Emotional Abuse

Children say, “Sticks and stones may break my bones, but names will never hurt me.” However, we now know that verbal and emotional abuse can have devastating, long-lasting effects–sometimes even more than physical abuse. Society condemns the act of one partner hitting another, but other kinds of abuse are often overlooked.

Signs of emotional abuse include the following:
You feel frequently criticized, humiliated and put down.
Your partner is very jealous without reason, often controlling or limiting whom you talk to or see.
You feel treated like a servant.

  • Your partner uses male/female stereotypes to keep you out of decisions.
  • Your partner prevents you from getting or keeping a job, and controls your access to or information about family money.
  • Your partner’s angry voice, looks, or actions (e.g., destruction of property) make you fear for your safety.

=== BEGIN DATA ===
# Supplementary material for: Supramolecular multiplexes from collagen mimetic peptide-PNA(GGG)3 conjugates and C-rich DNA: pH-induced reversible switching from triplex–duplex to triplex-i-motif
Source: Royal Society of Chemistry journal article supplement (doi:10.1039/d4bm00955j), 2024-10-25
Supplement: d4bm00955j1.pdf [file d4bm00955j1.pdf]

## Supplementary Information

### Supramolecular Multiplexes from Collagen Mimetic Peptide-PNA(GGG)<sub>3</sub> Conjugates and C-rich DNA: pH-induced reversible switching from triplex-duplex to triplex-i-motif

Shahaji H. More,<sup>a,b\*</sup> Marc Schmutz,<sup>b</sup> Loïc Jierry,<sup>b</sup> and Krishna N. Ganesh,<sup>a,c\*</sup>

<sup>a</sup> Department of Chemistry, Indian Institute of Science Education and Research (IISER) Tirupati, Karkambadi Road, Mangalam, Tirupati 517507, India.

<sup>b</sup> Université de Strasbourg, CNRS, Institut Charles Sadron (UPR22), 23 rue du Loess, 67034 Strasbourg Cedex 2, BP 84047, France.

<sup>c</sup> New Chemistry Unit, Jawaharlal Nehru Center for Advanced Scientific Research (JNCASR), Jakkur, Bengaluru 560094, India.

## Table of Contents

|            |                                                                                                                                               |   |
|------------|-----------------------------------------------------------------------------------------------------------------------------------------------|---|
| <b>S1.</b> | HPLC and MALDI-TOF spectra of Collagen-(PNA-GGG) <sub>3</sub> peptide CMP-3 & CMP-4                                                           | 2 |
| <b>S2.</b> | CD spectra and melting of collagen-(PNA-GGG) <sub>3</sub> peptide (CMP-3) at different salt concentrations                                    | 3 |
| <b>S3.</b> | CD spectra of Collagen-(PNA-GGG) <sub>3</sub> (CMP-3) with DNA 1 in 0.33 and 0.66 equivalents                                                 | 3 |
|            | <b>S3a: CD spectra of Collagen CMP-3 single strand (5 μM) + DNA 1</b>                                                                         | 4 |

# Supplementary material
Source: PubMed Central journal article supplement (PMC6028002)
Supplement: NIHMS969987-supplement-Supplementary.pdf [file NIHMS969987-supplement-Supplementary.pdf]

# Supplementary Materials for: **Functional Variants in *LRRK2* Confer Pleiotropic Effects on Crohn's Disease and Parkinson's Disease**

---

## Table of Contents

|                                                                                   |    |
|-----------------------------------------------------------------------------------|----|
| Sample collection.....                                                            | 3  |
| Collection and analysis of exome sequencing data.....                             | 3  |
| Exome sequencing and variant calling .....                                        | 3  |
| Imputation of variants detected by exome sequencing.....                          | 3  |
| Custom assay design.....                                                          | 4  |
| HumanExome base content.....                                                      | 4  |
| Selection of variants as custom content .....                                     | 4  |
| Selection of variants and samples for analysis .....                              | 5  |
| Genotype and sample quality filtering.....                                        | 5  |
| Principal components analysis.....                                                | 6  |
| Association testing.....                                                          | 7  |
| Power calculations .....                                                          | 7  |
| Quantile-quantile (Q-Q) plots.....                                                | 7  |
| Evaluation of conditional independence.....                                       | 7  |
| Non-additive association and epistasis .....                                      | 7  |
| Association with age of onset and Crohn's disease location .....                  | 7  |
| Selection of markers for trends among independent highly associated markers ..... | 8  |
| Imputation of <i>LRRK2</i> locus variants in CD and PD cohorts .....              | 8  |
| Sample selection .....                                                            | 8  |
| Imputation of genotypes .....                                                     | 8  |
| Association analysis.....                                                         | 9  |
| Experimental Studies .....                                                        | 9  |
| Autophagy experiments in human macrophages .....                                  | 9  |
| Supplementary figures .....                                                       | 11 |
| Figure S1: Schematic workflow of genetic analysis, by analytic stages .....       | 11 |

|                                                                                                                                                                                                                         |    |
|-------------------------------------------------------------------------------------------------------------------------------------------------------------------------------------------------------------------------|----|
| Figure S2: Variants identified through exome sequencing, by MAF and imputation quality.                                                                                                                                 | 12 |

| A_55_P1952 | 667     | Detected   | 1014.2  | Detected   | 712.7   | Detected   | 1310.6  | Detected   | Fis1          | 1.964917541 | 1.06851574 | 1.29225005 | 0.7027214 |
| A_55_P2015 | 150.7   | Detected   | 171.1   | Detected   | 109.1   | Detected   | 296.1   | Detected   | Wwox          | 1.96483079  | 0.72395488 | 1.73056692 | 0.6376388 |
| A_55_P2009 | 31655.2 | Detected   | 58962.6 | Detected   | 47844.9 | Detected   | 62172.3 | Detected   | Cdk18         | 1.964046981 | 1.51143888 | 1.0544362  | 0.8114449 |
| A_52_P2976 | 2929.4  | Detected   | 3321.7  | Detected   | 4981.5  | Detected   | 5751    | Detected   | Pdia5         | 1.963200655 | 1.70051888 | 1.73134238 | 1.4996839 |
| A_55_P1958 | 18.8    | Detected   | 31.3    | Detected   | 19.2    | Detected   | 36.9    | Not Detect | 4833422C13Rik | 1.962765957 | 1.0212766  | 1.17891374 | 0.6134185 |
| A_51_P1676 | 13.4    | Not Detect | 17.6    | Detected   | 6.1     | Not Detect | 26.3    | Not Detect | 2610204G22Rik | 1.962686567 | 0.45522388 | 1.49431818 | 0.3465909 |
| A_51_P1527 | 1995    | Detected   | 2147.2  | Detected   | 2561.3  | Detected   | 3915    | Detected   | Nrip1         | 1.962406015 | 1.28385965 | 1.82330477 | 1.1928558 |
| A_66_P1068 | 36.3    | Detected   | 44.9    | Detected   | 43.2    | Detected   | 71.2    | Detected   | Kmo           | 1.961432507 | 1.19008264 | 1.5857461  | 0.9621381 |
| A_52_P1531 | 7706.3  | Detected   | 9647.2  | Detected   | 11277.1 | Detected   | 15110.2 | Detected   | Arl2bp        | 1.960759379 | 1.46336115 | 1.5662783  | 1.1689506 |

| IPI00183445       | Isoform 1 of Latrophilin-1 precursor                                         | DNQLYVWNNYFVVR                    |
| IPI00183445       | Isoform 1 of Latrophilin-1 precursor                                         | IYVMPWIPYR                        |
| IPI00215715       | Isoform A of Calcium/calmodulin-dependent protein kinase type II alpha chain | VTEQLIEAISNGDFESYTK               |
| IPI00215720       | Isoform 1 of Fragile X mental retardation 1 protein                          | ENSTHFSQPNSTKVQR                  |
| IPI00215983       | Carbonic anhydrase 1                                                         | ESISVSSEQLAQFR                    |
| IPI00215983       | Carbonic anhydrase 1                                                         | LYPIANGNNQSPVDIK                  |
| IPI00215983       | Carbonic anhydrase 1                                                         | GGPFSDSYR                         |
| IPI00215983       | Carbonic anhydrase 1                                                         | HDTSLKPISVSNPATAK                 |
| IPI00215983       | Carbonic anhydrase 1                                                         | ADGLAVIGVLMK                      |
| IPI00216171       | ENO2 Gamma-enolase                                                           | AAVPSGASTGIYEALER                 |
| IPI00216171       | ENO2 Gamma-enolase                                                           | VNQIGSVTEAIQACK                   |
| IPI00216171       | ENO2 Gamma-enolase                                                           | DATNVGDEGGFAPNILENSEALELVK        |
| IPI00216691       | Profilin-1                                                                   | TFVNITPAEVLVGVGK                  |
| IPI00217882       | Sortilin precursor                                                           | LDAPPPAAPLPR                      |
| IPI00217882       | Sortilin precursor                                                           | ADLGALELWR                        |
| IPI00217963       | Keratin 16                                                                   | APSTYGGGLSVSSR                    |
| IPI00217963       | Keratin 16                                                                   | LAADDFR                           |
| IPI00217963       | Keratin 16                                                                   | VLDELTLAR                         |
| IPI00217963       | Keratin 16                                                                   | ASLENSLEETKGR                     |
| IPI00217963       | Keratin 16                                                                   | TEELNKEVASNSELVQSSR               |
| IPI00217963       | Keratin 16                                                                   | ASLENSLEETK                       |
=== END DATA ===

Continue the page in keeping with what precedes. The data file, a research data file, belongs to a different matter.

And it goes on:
• Your partner criticizes your parenting to intimidate you (i.e., by implying that you might lose custody of the children).
  • Your partner tries to coerce you by making threats to hurt you or your children, or to leave you or commit suicide.
  • Your partner makes light of or denies your concerns about some of the above behavior, or blames you for causing the behavior.

A relationship can be abusive even if there is no physical violence. On the other hand, emotional abuse can sometimes escalate into physical abuse. If several of the above items apply to you, you may find it helpful to talk with a counselor.